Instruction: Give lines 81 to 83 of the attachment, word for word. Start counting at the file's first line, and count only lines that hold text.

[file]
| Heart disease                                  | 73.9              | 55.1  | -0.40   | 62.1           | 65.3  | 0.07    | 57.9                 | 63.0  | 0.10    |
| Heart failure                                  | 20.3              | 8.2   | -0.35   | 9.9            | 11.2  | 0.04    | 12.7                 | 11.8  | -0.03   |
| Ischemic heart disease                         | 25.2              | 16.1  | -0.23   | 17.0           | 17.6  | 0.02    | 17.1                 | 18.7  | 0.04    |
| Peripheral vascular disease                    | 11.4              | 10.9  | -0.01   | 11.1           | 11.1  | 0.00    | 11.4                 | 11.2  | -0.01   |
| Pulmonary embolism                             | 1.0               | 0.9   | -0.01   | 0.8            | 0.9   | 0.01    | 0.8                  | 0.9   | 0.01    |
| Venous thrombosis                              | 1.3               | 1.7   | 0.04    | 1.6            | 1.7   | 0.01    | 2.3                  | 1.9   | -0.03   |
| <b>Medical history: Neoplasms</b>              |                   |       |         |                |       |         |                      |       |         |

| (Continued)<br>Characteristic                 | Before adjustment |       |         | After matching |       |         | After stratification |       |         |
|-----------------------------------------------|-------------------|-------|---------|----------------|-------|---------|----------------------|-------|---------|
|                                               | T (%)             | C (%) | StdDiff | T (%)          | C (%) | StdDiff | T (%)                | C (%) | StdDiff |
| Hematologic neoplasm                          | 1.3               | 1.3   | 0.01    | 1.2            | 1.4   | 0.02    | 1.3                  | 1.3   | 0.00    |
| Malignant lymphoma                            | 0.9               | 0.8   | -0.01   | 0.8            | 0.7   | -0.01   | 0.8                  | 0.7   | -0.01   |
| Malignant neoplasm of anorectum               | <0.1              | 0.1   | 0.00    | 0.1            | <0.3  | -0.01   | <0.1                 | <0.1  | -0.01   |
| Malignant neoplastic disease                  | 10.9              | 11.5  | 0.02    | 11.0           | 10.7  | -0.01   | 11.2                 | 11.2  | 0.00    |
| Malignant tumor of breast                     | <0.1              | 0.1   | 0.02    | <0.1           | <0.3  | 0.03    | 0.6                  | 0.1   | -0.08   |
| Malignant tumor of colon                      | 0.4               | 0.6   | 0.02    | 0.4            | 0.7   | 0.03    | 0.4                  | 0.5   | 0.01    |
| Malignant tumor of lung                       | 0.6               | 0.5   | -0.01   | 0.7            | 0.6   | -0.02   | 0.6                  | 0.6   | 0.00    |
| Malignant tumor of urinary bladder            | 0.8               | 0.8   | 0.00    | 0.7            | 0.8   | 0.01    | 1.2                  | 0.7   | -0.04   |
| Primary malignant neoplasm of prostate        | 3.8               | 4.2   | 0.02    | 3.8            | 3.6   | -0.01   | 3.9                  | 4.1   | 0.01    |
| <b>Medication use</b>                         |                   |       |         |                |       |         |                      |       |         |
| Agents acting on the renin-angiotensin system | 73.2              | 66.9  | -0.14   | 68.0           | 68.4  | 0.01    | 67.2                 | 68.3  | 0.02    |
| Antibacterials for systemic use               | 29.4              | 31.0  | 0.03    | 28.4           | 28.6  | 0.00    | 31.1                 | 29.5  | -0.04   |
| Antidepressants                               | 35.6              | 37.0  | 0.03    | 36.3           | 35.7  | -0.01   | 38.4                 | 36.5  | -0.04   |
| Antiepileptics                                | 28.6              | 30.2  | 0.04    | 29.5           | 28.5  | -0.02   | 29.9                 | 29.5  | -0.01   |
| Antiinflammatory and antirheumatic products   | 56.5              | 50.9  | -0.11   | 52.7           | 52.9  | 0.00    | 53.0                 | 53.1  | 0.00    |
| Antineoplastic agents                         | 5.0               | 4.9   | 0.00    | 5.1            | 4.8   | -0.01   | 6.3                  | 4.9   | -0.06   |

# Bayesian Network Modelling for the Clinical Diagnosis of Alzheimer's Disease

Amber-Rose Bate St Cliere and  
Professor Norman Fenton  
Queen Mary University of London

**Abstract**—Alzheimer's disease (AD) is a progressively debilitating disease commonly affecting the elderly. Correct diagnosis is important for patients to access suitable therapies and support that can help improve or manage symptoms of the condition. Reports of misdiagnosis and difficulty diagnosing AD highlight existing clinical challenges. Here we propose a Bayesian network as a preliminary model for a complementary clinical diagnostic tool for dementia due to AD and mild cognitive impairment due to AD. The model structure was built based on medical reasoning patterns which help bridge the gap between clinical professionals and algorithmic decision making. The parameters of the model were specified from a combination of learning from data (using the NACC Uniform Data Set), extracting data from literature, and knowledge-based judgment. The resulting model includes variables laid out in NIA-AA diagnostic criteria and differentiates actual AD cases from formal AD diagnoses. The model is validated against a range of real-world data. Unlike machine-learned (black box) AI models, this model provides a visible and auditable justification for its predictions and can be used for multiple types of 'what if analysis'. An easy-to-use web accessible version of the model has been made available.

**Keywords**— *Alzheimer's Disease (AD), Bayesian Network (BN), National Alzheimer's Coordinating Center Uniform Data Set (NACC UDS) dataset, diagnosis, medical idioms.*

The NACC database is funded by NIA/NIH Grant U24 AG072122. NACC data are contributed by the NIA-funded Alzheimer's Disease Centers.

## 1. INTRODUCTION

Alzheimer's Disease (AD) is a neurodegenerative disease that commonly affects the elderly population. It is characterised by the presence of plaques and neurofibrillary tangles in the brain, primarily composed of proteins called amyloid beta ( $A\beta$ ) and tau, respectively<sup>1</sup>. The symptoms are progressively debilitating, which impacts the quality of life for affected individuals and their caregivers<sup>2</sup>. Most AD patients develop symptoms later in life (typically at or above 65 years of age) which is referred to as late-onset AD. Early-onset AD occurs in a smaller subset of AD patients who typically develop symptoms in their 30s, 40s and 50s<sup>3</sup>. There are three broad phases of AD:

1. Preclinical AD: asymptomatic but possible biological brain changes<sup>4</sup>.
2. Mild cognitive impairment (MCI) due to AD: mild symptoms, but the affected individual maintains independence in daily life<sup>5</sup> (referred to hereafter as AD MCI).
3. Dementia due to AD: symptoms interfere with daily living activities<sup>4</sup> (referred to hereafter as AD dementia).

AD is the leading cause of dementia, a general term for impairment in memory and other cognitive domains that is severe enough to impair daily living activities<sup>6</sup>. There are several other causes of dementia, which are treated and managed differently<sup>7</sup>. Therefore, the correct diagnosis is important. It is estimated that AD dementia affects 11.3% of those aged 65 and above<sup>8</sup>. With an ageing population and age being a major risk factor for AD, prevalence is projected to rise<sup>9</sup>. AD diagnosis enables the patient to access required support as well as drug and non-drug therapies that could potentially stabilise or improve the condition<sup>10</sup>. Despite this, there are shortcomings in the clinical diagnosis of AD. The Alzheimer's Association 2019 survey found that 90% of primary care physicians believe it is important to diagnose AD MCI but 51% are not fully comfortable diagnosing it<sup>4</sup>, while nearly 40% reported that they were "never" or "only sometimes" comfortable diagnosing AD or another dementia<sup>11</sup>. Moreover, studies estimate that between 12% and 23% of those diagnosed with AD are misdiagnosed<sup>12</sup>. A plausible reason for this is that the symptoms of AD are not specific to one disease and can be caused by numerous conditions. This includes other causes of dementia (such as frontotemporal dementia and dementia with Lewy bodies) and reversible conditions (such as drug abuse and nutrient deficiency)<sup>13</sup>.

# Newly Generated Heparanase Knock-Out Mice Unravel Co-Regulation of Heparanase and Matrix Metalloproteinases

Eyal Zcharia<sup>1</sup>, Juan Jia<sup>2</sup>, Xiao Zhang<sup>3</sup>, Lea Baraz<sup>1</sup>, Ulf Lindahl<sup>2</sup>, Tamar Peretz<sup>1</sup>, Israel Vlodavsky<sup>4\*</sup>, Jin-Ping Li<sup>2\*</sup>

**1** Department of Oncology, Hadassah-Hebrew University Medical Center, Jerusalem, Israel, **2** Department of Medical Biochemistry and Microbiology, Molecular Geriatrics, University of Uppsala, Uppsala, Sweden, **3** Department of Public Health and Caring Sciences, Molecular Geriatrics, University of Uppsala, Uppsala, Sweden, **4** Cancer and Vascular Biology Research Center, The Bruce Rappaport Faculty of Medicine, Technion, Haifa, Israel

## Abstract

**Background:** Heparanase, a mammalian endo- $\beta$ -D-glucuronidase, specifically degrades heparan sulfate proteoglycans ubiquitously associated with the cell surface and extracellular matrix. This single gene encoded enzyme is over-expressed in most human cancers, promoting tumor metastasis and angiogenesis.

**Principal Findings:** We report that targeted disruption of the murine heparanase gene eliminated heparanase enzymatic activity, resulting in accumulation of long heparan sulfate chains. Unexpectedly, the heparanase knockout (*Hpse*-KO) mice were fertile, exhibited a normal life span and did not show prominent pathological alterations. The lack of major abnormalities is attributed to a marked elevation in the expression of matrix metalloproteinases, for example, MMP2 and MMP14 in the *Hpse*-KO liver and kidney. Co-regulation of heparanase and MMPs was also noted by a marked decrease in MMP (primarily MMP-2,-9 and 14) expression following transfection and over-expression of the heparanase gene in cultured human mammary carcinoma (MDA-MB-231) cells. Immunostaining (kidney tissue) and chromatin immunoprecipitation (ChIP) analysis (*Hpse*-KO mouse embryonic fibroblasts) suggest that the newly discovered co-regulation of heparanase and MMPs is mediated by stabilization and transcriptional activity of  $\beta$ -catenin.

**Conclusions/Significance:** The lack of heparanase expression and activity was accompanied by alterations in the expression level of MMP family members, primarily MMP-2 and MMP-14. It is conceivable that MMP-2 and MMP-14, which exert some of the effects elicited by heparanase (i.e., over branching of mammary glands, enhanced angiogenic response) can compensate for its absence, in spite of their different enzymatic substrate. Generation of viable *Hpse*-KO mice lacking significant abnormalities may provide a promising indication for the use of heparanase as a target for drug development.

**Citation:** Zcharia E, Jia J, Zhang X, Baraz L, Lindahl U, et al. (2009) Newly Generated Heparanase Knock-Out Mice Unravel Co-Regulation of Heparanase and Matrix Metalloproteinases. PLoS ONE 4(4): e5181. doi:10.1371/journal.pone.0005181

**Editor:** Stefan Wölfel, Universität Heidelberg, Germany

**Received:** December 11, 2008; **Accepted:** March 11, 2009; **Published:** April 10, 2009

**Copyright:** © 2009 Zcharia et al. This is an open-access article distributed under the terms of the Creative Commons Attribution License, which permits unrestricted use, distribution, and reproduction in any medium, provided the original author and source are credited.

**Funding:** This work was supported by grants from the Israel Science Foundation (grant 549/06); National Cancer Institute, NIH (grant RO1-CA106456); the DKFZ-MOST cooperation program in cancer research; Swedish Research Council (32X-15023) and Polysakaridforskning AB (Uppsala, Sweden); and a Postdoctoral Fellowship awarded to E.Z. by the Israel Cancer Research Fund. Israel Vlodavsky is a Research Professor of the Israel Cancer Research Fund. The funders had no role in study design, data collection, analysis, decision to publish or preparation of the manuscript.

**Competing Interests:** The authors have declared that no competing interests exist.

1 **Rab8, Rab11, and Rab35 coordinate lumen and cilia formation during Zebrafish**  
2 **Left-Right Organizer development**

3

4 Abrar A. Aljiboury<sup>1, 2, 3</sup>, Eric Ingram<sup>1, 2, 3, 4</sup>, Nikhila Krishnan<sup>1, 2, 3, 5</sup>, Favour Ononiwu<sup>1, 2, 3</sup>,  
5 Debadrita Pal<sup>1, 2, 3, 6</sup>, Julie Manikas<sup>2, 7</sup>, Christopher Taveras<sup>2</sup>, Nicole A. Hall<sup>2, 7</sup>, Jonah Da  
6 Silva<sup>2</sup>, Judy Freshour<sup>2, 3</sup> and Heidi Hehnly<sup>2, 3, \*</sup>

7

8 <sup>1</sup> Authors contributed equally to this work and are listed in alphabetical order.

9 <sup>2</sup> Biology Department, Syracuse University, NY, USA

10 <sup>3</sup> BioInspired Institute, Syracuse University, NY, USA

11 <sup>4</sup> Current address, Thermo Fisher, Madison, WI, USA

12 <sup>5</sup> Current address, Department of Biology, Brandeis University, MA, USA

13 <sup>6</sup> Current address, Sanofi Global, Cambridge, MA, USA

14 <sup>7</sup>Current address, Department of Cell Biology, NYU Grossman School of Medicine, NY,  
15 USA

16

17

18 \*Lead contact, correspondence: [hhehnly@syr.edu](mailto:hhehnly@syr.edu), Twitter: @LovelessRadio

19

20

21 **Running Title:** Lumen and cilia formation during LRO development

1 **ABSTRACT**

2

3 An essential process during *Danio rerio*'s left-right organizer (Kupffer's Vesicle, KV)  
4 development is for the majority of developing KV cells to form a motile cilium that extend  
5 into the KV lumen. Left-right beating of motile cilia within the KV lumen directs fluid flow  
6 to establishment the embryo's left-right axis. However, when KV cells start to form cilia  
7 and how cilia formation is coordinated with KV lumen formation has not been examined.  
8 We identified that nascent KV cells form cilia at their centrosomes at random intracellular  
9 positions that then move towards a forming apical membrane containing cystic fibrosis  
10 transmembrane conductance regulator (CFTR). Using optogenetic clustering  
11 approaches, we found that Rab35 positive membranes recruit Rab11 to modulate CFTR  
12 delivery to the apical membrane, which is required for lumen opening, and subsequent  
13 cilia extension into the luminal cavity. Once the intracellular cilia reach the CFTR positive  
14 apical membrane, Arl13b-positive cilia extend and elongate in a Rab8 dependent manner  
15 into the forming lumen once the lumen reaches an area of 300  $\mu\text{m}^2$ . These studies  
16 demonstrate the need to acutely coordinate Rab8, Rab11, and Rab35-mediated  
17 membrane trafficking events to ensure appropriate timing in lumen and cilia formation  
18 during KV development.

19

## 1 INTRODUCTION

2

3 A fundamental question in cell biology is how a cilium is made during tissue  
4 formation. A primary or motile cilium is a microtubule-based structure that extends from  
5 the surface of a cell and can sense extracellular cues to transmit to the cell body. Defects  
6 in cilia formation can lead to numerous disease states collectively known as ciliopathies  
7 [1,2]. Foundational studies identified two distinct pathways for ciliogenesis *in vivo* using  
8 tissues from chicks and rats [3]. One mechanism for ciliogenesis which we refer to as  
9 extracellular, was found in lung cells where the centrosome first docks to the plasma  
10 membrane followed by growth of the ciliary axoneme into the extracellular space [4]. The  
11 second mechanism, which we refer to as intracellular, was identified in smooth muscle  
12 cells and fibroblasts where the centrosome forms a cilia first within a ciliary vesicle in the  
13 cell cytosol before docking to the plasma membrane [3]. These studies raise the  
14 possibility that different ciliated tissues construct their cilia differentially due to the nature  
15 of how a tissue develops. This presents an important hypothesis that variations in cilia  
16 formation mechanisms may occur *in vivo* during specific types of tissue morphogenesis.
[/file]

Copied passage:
8 We identified that nascent KV cells form cilia at their centrosomes at random intracellular  
9 positions that then move towards a forming apical membrane containing cystic fibrosis  
10 transmembrane conductance regulator (CFTR). Using optogenetic clustering  